Since 1906, the Rural West and the Urban West have gotten together in Denver in January. Given what seems to be an ever-widening divide between the rural and the urban sectors of the state and of the nation, it would have been nice if the 115th National Western Stock Show, that ceremony of convergence, could have taken place in January of 2021.

For years, we knew that a new year had started because the National Western Stock Show was drawing in crowds, and bronc-and bull-riders were heading out of the chute. But now, with the Stock Show postponed to 2022, the Center of the American West is offering a very pale substitute to that very famous Denver extravaganza. The Center will now host the first-ever rodeo event in which Familiar Sayings compete to characterize the nation’s circumstances as we end the year 2020 and enter the year 2021. Compared to bronc-riding, this newly invented rodeo event is pretty darned dull as a spectator sport. But our hope is that it is still better than nothing.

In this Rodeo of Familiar Sayings, Platitudes, and Predictable Figures of Speech, contestants will compete to provide an effective and persuasive way to adjust our minds to anticipate the year we are entering. Borrowing the format from regular rodeo, the competitors will hurtle out of the chute and into the arena, where they will try to remain mounted for eight seconds. Their performances will be judged by rigorous criteria to determine which of the competitors most effectively sets us up for coping with 2021.

And now the rodeo announcer is letting us know that the rodeo is off and running.

“Ladies and Gentlemen, welcome to the first-ever rodeo competition where the winner will be the best Figure of Speech to guide us in very trying times. We organized this rodeo because we know that a Figure of Speech, adopted by people to characterize their situation, actually plays a very significant role in shaping the choices and decisions they make. (And yes, as you are no doubt recognizing at this moment, a professor played a part in planning this rodeo, but we—mostly—kept her under control.)  But now it’s time to get this competition under way: here comes ‘The Seventh Inning Stretch,’ the first Familiar Phrase to come out of the chute to give us a way of thinking about what we are facing in 2021!”

Since “The Seventh Inning Stretch” is actually the crowd’s favorite, there is no need to tell them to clap or cheer. They already know they want it to win! They want to have a break! They want to stand up, visit with their neighbors, get something to eat, and sing a couple of songs!

But things are going very poorly for “the Seventh Inning Stretch.” It is so rattled that it is committing the unthinkable and, at the very start of the ride, it is holding on with both hands!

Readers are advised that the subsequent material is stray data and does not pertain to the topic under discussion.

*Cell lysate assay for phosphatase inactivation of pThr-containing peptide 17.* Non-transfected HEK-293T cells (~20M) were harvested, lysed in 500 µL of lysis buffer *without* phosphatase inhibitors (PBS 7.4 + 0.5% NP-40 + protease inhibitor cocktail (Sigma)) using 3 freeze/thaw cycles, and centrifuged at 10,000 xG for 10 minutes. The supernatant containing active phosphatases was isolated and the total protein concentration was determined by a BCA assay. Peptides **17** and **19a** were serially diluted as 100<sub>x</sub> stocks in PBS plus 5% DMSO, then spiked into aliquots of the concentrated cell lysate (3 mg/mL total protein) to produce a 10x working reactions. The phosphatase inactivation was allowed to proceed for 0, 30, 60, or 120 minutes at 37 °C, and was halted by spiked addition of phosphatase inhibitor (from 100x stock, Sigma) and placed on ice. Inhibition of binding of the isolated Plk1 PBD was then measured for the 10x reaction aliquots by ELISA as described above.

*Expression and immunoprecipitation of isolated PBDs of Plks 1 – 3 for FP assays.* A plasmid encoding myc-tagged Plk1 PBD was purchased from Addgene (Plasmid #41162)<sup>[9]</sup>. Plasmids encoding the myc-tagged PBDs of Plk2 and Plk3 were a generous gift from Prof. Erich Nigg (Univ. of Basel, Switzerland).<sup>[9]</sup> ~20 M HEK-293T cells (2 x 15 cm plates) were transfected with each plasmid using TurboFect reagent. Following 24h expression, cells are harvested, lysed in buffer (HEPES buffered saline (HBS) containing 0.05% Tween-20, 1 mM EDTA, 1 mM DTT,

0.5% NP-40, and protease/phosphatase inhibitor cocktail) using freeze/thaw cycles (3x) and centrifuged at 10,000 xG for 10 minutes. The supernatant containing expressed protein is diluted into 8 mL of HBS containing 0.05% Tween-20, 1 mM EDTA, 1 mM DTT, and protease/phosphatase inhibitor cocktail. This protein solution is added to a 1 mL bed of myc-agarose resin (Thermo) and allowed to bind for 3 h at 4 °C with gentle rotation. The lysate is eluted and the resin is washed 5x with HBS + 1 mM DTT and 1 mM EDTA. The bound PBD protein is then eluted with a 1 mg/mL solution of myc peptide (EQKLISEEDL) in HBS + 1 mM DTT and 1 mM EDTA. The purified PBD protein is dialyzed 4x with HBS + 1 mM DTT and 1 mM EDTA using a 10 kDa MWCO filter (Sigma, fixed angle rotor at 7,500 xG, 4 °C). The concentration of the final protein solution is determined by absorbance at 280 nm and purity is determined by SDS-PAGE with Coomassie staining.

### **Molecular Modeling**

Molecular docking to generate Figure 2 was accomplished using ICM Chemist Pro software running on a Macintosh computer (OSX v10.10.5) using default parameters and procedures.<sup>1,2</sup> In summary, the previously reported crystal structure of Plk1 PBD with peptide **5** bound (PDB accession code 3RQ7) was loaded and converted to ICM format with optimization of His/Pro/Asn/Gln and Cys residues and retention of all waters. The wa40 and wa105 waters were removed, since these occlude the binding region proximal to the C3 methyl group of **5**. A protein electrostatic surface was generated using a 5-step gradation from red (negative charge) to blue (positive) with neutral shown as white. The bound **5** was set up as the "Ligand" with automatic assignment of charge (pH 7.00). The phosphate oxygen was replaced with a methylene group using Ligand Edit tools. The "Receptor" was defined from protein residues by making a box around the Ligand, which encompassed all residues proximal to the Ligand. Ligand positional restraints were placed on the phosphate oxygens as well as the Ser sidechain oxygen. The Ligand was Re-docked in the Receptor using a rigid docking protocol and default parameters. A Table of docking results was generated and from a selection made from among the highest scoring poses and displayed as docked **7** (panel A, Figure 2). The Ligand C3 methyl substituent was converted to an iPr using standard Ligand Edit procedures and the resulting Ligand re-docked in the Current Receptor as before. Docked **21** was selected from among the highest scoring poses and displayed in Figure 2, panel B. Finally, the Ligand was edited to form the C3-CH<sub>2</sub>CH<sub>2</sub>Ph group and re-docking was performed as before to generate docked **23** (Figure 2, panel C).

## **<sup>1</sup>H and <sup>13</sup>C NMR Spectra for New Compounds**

What’s going wrong?

The year 2021, the “Seventh Inning Stretch” knows in its heart, is not going to deliver a pause or a break or an interlude of relaxation. The American people are not going to stand up and sing a couple of songs together. The surges and flare-ups of Covid-19 do not arrange themselves in anything like innings, with clearly identified beginnings and endings. And, given the difficult logistics of getting the vaccines injected into millions of arms, the contest with Covid-19 is almost certain to go into extra innings.

The “Seventh Inning Stretch” is barely out of the chute when it gets bucked and lands in the dirt. Breaking from their custom of respectful chivalry, the pick-up men simply let this poorly matched competitor get up and trudge out of the arena while the disappointed crowd boos.

“Ladies and Gentlemen, that was kind of a sad beginning,” the rodeo announcer admits. “But we’ve got some great riders coming up. Look here, ‘Light at the End of the Tunnel,’ is coming out of the chute at this very minute!”

But the “Light at the End of the Tunnel” just isn’t ready for the job of characterizing the year 2021. It’s a fine figure of speech, but it goes nowhere when it tries to sum up 2020 and to anticipate 2021. Here’s the problem: Even if we think we can see a light flickering in the distance, we actually have no idea how long the 2021 tunnel is. The light—code for “a well-coordinated enterprise in distributing the vaccines and achieving a promising level of society-wide immunity (often referred to, in an indirect tribute to the occupations and enterprises convened at the Stock Show, as ‘herd immunity’)”—could be very distant indeed.

And there is something that is just not working with this figure of speech. Tunnels are human creations, and they end when they come out of the mountain or ascend to the surface from their course beneath a river. But our 2021 version of a tunnel keeps getting longer, which is not easy for a manmade tunnel to do, with the light retreating from us even as we think we are moving towards it.